Sunday, December 27, 2015

George Washington as an American Freemason


William Joseph Williams (1759-1823) George Washington, Mason, 1794

In July 1792, Washington had turned down a request for a sitting from American artist William Joseph Williams, telling Governor Henry Lee of Virginia: "I am so heartily tired of the attendance which, from one cause or another, I have bestowed on these kind of people, that it is now more than two years since I have resolved to sit no more for any of them; and have adhered to it; except in instances where it has been requested by public bodies, or for a particular purpose (not of the Painters) and could not, without offence, be refused. I have been led to make this resolution for another reason besides the irksomeness of sitting, and the time I loose by it, which is, that these productions have, in my estimation, been made use of as a sort of tax upon individuals, by being engraved, and that badly, and hawked, or advertised for Sale." Williams then offered to paint Washington's portrait for the Alexandria (Virginia) Masonic Lodge No. 22. Lodge officers wrote Washington in 1793 that it would be " a source of the most refined gratification the tracing out and contemplating the various ornaments of his character in the resemblance of his person." Williams's portrait shows Washington as a Virginia past master, with Masonic regalia and jewels. Williams's careful depiction includes a scar on Washington's left cheek, smallpox scars on his nose and cheeks, and a mole under his right ear.



George Washington joined the Masonic Lodge in Fredericksburg, Virginia at the age of 20 in 1752. During the War for Independence, General Washington attended Masonic celebration and religious observances in several states. He also supported Masonic Lodges that formed within army regiments.  At his first inauguration in 1791, President Washington took his oath of office on a Bible from St. John's Lodge in New York. During his two terms, he visited Masons in North and South Carolina and presided over the cornerstone ceremony for the U.S. Capitol in 1793.  In retirement, Washington became charter Master of the newly chartered Alexandria Lodge No. 22, sat for a portrait in his Masonic regalia, and in death, was buried with Masonic honors.



A Timeline of George Washington's Masonic Activities

November 4, 1752 - Initiated as Entered Apprentice at Fredericksburg Lodge No. 4, Fredericksburg, Virginia.

1753

March 3, 1753 - Passed to the Degree of Fellow Craft at Fredericksburg Lodge No. 4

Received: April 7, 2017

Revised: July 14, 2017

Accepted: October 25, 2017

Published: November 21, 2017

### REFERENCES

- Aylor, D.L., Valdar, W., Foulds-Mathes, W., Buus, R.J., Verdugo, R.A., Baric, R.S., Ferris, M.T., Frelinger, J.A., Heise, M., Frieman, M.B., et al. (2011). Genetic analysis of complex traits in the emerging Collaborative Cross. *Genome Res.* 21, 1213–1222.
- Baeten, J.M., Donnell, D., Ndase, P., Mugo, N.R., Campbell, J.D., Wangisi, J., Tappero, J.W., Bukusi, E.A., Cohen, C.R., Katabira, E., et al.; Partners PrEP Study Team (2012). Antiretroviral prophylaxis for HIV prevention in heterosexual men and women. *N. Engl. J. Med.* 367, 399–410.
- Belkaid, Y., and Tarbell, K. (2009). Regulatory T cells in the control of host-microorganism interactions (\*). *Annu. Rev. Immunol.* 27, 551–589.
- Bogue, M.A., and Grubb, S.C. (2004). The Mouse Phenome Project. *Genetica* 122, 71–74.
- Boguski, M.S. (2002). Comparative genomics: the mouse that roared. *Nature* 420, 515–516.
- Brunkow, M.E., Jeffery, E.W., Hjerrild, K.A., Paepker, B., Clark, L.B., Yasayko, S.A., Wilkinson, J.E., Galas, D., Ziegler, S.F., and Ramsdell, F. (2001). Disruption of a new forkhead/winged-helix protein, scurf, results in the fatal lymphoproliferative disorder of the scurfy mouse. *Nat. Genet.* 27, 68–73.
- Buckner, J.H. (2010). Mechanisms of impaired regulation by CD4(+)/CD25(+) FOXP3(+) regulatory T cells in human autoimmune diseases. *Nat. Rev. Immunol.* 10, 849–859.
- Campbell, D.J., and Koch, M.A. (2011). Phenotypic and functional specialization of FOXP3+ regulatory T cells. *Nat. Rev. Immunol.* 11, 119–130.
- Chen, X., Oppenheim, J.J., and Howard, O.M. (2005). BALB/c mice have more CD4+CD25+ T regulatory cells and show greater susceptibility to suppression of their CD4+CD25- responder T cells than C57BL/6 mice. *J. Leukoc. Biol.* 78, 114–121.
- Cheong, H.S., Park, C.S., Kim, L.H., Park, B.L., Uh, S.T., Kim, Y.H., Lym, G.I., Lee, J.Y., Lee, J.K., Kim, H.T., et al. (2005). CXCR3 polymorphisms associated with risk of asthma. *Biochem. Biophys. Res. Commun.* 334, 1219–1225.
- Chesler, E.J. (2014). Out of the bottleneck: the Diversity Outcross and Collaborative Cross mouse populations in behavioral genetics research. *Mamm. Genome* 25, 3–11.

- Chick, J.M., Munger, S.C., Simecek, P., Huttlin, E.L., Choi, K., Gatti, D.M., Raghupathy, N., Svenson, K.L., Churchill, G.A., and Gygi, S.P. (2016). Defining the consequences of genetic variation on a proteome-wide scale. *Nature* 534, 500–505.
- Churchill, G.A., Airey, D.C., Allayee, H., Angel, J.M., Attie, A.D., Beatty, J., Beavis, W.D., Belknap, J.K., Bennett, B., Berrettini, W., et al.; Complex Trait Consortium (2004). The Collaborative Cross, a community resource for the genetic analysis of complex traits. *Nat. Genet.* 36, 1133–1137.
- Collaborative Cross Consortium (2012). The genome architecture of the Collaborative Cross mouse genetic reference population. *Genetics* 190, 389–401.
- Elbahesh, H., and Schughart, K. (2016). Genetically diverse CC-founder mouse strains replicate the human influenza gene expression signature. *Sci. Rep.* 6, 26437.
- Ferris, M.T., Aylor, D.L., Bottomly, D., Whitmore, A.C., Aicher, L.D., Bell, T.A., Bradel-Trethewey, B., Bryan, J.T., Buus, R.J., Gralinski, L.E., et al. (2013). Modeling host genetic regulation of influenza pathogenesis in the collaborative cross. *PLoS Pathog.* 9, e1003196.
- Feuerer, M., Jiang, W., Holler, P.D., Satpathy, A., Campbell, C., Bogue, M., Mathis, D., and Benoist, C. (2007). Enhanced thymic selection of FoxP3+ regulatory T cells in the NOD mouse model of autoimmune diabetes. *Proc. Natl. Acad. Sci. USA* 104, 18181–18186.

August 4, 1753 - Raised a Master Masaon at Fredericksburg Lodge No. 4.

1778

December 28, 1778 - Marched in a Masonic procession in celebration of Saint John the Evangelist Day

1779

June 24, 1779 - Celebrated Saint John the Baptist Day with American Union Military Lodge at West Point, New York
December 27, 1779 - Celebrated Saint John the Evangelist Day with American Union Military Lodge at Morristown, New Jersey

1781

October - Reportedly visited Lodge No. 9 at Yorktown, VA with General Lafayette after defeat of British General Cornwallis

1782

Brothers Watson and Cassoul of Nantes, France present Washington with exquisite silk Masonic apron, acknowledged by letter dated August 10
June 24, 1782 - St. John the Baptist celebration - Marked with American Union Military Lodge at West Point, New York.
December 27, 1782 - St. John the Evangelist Day - Celebrated with Solomon's Lodge No. 1, Poughkeepsie, New York.

1784

June 24, 1784 - St. John the Baptist celebration - Marked with Alexandria Lodge, Alexandria, Virginia
June 24, 1784 - Made an honorary member of Alexandria Lodge No. 39 (Now Alexandria-Washington Lodge No. 22) Alexandria, Virginia
August 1784 - Presented a Masonic apron made by Madame de Lafayette to General and Bro. de Lafayette

1785

February 12, 1785 - Walked in Masonic funeral procession for Bro. William Ramsay at Alexandria, Virginia

1788

April 28, 1788 - Named Charter Worshipful Master of Alexandria Lodge No. 22 when a new charter from the Grand Lodge of Virginia was issued. Unanimously re-elected Master December 20, 1788 for one year.

1789

Elected honorary member of Holland Lodge No. 8, New York, NY
April 30- Inaugurated President of the United States using Bible from St. John's Lodge No. 1, New York



The George Washington Bible, which belongs to St. Johns Lodge in New York City, was first used on April 30, 1789, by the Grand Master of the Masons in New York, to administer the oath of office to George Washington. Other presidents who took their oath of office with this Bible are Warren G. Harding, Dwight D. Eisenhower, Jimmy Carter, and George Bush.

1791

April 15, 1791 - Welcomed by members of St. John's Lodge No. 2, New Bern, NC

May 1791 - Received the greetings of the Grand Lodge of South Carolina by General Mordecai Gist, Grand Master, Charleston, SC

1793

September 18 Acting Grand Master - Laid the cornerstone for the United States Capitol, Washington, D.C. 

1794

1794 William Williams painted Washington in Masonic regalia at the request of Alexandria Lodge 1797 March 28 Received a Masonic delegation from Alexandria Lodge.